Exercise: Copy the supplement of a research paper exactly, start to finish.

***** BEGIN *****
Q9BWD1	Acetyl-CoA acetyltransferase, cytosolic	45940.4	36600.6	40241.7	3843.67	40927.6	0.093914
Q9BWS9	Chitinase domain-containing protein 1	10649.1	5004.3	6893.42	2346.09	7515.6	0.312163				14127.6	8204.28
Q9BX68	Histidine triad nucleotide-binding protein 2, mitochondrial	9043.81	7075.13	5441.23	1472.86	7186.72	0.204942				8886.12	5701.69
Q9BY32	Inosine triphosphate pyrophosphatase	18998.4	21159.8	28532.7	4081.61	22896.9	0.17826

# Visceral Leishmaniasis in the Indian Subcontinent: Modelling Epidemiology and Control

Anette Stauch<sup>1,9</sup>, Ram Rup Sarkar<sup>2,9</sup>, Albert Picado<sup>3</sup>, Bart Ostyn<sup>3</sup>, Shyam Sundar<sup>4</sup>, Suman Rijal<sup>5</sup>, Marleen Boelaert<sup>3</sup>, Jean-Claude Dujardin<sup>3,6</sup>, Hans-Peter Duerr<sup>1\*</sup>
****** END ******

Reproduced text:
Q9BWD1	Acetyl-CoA acetyltransferase, cytosolic	45940.4	36600.6	40241.7	3843.67	40927.6	0.093914
Q9BWS9	Chitinase domain-containing protein 1	10649.1	5004.3	6893.42	2346.09	7515.6	0.312163				14127.6	8204.28
Q9BX68	Histidine triad nucleotide-binding protein 2, mitochondrial	9043.81	7075.13	5441.23	1472.86	7186.72	0.204942				8886.12	5701.69
Q9BY32	Inosine triphosphate pyrophosphatase	18998.4	21159.8	28532.7	4081.61	22896.9	0.17826

# Visceral Leishmaniasis in the Indian Subcontinent: Modelling Epidemiology and Control

Anette Stauch<sup>1,9</sup>, Ram Rup Sarkar<sup>2,9</sup>, Albert Picado<sup>3</sup>, Bart Ostyn<sup>3</sup>, Shyam Sundar<sup>4</sup>, Suman Rijal<sup>5</sup>, Marleen Boelaert<sup>3</sup>, Jean-Claude Dujardin<sup>3,6</sup>, Hans-Peter Duerr<sup>1\*</sup>